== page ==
Pivotal Pro Football Moments
1933: Hook and Ladder and Grange Win the Title
December 17, 1933 – NFL Championship Game: New York Giants @ Chicago Bears
The 25,000 fans at Wrigley Field who attended the NFL's first East-West championship game had seen a back and forth contest in which the lead changed hands five times. Coach Steve Owens' Giants had taken a 21-16 lead midway through the final period.
The Giants forced a punt on the Bears' next possession. With an opportunity to run down the clock, they couldn't move and had to punt. But Ken Strong's shanked boot traveled only 8y to the Giants 47.

L-R: Ken Strong, Keith Molesworth, Bronco Nagurski, Dale Burnett
Keith Molesworth connected with Carl Brumbaugh for nine, then Bronco Nagurski ran for four for a first down at the NY 34. That's when the Bears pulled a trick play out of their repertoire. Bronk again took the direct snap and thundered toward the line. However, he stopped short and jumped up to throw. His target was E Bill Hewitt, who was easy to spot because he was one of the few players who still refused to wear a helmet. One of the wary Giants, HB Dale Burnett, quickly came up to slam Hewitt but just before he did, Bill flipped a long lateral to E Bill Karr at the 25. The crowd watched as Billy set sail for the goal line with Strong racing across the field. Just when it looked like Ken would make the tackle short of pay dirt, Gene Ronzani took him out with a savage block. Jack Man­ders split the uprights to make it 23-21.
  The Giants should have been prepared for the "hook and ladder" play since the lowly
  Philadelphia Eagles had used it for a touchdown against them just the week before.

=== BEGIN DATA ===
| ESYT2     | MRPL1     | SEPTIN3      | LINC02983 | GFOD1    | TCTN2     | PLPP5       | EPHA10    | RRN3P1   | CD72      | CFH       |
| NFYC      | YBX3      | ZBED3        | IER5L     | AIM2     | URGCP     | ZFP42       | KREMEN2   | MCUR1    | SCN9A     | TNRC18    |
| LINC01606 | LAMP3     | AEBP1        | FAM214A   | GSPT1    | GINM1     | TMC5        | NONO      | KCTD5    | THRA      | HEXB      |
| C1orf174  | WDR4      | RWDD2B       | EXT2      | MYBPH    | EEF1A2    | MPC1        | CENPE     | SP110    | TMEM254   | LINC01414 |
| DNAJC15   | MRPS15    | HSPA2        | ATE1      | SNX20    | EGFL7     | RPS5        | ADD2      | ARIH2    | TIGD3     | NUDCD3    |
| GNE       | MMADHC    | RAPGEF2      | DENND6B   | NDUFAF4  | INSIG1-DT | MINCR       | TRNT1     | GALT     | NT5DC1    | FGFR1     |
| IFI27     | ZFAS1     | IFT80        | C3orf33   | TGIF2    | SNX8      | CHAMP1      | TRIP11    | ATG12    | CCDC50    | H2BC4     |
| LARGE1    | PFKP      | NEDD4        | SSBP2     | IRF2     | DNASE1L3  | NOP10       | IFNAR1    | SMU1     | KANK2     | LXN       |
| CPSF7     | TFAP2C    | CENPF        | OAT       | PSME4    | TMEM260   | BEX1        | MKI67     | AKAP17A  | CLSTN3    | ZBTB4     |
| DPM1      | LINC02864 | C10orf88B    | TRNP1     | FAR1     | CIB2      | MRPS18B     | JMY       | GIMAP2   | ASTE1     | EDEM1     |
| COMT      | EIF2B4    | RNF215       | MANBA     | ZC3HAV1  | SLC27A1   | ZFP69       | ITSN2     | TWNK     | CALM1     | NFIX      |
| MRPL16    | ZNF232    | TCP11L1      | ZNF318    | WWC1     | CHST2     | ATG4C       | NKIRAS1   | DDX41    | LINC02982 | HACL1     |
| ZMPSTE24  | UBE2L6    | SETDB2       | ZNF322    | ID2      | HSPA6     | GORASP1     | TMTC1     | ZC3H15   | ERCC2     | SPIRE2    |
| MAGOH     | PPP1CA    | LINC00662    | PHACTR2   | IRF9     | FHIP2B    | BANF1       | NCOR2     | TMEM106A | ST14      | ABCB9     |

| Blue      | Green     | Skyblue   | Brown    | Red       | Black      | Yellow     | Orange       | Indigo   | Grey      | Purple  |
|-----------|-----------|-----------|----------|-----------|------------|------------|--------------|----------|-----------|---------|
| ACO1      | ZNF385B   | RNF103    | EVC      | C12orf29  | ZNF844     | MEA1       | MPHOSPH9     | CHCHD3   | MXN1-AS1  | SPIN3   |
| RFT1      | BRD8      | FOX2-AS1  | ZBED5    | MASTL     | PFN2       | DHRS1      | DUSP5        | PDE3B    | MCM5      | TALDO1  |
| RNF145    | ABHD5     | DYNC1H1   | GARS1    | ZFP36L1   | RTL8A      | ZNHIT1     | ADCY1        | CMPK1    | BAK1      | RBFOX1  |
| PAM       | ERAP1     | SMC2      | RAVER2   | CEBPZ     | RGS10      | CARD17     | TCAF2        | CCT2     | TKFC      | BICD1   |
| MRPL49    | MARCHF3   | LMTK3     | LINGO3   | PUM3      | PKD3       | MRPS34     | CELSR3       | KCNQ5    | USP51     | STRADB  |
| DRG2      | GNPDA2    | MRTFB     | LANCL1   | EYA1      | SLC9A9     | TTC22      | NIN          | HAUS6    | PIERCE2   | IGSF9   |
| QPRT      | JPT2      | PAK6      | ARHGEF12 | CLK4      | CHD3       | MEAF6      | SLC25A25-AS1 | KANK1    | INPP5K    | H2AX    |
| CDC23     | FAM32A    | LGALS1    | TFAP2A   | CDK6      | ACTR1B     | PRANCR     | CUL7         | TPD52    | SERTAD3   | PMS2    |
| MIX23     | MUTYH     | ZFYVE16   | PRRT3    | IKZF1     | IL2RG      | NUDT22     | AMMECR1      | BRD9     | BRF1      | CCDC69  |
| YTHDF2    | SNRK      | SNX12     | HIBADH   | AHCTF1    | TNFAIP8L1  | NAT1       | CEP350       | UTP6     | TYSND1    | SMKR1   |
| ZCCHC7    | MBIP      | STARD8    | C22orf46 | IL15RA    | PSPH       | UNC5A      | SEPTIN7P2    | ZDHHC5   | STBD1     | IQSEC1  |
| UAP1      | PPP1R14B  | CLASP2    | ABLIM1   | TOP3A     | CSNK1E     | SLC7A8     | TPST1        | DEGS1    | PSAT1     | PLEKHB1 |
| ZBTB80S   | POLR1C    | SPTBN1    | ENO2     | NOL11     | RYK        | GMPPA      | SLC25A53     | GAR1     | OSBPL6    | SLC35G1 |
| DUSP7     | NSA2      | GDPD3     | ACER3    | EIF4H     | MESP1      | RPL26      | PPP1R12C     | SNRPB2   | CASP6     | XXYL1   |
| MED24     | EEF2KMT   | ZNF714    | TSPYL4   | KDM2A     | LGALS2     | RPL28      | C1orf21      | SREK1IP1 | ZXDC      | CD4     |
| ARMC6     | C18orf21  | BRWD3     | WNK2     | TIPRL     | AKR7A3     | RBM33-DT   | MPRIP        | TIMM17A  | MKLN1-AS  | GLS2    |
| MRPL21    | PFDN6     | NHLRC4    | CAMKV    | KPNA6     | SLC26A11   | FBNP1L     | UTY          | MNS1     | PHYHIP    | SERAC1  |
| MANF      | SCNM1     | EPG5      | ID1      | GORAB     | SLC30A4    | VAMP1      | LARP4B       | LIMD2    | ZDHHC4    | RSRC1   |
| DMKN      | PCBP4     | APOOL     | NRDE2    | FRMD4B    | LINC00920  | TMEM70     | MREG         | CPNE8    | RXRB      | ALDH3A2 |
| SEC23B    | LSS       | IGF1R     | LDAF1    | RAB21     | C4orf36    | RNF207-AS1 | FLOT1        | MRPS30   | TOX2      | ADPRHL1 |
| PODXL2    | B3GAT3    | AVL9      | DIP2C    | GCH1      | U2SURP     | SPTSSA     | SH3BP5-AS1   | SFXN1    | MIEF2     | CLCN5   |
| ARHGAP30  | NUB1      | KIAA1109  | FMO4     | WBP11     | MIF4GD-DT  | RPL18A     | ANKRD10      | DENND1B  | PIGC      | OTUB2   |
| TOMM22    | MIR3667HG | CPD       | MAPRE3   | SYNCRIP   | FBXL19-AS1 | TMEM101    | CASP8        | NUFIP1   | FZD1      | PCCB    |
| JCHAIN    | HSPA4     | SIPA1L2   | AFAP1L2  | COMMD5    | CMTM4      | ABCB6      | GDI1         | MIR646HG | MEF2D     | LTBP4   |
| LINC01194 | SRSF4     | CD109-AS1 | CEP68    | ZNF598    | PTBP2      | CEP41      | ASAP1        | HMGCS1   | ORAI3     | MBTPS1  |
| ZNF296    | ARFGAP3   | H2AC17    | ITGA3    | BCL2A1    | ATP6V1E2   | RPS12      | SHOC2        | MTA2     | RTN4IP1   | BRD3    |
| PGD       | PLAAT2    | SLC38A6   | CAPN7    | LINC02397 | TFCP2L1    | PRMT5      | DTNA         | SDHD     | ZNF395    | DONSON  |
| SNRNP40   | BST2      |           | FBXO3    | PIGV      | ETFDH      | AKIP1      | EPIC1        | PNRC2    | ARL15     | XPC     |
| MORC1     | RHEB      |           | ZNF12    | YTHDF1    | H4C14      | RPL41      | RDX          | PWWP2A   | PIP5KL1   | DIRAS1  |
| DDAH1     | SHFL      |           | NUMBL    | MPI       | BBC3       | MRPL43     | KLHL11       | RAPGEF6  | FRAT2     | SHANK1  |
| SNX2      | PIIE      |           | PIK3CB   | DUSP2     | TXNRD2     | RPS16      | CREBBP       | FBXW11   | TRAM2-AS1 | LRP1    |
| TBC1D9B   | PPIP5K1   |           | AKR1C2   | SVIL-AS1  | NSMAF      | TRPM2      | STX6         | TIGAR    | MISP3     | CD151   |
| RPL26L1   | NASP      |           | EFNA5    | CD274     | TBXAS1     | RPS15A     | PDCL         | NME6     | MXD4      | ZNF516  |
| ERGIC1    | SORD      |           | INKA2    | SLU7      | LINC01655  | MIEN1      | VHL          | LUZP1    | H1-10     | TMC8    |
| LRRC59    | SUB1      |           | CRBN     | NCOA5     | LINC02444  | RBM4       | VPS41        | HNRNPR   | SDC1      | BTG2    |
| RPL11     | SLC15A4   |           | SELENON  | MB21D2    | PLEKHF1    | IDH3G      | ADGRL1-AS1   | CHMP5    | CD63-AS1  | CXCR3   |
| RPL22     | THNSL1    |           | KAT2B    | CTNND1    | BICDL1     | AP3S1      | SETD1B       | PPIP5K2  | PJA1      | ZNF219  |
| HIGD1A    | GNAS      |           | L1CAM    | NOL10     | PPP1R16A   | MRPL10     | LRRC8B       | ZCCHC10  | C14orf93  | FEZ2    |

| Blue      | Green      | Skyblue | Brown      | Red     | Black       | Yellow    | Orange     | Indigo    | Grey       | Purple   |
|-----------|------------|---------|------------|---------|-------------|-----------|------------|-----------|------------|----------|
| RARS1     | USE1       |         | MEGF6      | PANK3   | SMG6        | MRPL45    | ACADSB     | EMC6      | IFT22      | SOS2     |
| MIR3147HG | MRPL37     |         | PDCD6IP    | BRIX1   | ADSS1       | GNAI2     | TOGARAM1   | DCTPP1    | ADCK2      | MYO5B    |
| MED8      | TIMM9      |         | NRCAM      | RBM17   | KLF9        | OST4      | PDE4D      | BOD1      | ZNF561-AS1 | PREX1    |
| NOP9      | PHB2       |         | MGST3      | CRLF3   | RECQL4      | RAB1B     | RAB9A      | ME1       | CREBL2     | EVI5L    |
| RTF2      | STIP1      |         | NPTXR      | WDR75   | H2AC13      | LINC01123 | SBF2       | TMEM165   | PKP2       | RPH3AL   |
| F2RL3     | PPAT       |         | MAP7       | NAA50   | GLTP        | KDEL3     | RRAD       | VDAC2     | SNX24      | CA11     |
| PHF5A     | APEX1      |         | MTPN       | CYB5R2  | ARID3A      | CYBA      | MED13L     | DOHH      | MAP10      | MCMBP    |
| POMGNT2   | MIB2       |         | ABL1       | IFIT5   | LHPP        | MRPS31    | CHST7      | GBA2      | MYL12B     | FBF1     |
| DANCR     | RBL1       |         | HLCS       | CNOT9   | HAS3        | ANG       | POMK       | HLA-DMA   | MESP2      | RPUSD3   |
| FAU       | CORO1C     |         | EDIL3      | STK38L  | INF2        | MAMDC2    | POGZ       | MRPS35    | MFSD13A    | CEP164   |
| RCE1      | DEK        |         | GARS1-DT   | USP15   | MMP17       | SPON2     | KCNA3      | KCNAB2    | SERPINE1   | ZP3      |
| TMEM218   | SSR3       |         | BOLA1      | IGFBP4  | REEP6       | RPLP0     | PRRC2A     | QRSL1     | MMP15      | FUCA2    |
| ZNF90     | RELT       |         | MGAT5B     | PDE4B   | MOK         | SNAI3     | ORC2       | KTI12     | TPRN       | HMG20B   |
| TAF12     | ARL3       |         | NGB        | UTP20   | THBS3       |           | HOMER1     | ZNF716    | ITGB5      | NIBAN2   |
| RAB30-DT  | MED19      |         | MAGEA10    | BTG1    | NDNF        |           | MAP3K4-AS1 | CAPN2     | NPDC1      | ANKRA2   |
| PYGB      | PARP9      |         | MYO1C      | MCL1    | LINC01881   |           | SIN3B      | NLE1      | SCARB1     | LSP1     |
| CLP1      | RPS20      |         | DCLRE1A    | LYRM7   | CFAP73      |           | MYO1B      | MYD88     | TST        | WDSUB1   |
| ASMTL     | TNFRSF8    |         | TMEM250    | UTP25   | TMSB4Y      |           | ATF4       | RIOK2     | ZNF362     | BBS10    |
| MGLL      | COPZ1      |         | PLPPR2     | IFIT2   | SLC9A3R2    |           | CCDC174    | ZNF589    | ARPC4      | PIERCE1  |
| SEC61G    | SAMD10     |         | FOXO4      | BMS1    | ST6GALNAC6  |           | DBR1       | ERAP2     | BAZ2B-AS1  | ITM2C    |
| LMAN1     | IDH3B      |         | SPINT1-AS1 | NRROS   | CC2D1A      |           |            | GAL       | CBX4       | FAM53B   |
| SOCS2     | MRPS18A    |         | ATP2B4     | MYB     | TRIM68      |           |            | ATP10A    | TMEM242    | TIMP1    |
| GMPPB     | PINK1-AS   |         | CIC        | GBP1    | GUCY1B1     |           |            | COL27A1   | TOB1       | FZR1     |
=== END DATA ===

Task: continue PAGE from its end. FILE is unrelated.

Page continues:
L: Bill Hewitt laterals to Bill Karr on the Bears' touchdown play. R: Gene Ronzani
But no one should have expected the Giants to go down without a fight. They had tried a special play on their first possession of the game. As Giant C Mel Hein remembered it in The First Fifty Years: The Story of the National Football League: "This was a play we had to alert the officials about ahead of time. We put all the linemen to my right except the left end. Then he shifted back a yard, making me end man on the line, while the wingback moved up on the line on the right. Harry Newman came right up under me, like a T-for­mation quarterback. I handed the ball to him between my legs and he immediately put it right back in my hands - the shortest forward pass on record. I was supposed to fake a block and then just stroll down the field waiting for blockers, but after a few yards I got excited and started to run, and the Bear safety, Keith Molesworth, saw me and knocked me down. I was about 15y from the goal, but we never did score on that drive." When Bears' DT George Musso tackled Newman, he bellowed, "Where the hell's the ball?" Some accounts say Hein hid the ball under his shirt.

L-R: Mel Hein, Harry Newman, Red Grange
On the first snap after the kickoff following the Bears' fourth quarter touchdown, the Giants lined up as they had earlier on Hein's hidden-ball play. However, this time New­man pitched out to Burnett. As the Bears chased him, Hein went downfield as a receiver, but swarming Bears knocked down Dale's pass. On the final snap, Newman threw to Burnett in the open field, but HB Red Grange made a game-saving play. Red recalled: "I was alone in the defense and Burnett was coming at me with somebody on the side of him [Hein]. I could see he wanted to lateral, so I didn't go low. I hit him around the ball and pinned his arms. I never did throw him."